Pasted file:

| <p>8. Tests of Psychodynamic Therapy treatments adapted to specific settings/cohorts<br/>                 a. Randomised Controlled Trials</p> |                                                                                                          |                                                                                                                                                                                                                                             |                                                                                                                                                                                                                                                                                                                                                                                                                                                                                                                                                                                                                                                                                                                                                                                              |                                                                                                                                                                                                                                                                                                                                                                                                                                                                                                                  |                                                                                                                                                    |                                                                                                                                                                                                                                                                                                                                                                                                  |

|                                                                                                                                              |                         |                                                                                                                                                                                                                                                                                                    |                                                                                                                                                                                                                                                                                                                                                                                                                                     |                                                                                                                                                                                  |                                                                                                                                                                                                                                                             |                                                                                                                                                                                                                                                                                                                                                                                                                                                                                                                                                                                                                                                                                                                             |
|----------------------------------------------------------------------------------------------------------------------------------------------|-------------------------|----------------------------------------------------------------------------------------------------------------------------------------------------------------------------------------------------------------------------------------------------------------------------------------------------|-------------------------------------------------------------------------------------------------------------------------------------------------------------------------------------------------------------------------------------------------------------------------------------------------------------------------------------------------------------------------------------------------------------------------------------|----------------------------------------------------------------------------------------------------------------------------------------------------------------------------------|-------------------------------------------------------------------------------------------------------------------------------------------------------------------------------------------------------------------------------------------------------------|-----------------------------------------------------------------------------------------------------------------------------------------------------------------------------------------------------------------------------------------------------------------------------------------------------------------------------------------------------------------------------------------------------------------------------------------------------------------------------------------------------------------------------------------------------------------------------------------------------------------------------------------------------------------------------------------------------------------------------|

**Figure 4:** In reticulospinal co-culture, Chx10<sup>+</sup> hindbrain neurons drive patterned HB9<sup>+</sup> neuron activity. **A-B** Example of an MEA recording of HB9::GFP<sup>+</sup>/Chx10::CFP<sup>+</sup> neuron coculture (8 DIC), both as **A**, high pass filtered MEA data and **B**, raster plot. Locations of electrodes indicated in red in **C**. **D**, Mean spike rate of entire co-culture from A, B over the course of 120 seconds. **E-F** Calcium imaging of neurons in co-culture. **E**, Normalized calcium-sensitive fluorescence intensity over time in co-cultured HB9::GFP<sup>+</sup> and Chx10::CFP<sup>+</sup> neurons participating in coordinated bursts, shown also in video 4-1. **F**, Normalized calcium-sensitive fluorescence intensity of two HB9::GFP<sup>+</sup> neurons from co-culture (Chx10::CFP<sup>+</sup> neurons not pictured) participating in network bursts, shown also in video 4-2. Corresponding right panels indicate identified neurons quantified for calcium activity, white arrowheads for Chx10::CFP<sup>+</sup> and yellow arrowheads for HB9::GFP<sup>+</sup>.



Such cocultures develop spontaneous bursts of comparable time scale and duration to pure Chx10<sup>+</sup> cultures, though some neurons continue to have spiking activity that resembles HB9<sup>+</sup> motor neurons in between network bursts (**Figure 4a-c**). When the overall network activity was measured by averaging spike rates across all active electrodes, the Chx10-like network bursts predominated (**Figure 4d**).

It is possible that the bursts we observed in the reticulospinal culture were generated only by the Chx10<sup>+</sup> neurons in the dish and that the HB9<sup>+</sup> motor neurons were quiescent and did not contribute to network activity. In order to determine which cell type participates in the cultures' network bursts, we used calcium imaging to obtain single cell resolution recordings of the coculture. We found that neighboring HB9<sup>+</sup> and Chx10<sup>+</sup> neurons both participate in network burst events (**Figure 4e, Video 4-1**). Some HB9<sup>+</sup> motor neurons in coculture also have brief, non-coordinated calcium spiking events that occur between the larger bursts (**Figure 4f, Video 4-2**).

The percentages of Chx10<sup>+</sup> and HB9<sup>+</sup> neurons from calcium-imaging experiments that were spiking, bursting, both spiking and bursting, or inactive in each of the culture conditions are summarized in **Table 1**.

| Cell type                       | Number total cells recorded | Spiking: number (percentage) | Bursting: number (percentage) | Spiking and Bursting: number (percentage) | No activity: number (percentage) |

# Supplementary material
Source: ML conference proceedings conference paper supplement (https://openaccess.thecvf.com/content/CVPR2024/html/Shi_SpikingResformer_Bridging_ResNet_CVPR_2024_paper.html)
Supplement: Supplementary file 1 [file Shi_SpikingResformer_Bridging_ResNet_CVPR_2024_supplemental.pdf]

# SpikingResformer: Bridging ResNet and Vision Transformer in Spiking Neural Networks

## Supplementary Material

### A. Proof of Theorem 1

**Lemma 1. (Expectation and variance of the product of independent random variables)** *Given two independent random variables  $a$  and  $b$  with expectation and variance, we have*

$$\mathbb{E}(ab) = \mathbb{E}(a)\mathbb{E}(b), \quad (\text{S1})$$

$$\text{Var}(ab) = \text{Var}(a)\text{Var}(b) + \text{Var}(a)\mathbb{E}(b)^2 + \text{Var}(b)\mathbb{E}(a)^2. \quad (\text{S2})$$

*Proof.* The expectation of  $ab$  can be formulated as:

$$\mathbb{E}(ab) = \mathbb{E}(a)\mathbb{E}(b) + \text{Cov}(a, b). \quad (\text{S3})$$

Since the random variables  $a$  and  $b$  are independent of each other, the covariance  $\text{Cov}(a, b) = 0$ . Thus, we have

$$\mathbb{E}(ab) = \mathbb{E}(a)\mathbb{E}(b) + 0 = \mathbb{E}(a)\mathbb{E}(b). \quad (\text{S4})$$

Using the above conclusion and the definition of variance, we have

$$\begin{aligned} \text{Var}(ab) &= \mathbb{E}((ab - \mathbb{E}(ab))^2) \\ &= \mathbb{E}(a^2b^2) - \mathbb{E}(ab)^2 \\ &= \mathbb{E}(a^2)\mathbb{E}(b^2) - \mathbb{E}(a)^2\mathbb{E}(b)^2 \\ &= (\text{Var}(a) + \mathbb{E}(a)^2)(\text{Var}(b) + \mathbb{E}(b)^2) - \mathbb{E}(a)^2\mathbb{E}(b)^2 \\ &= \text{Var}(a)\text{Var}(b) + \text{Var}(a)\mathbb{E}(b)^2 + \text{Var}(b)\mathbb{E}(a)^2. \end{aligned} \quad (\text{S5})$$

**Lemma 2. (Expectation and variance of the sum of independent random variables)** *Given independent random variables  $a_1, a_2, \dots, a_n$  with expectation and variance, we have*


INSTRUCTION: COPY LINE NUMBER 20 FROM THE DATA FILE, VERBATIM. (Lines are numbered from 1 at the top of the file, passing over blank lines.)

Since the random variables  $a$  and  $b$  are independent of each other, the covariance  $\text{Cov}(a, b) = 0$ . Thus, we have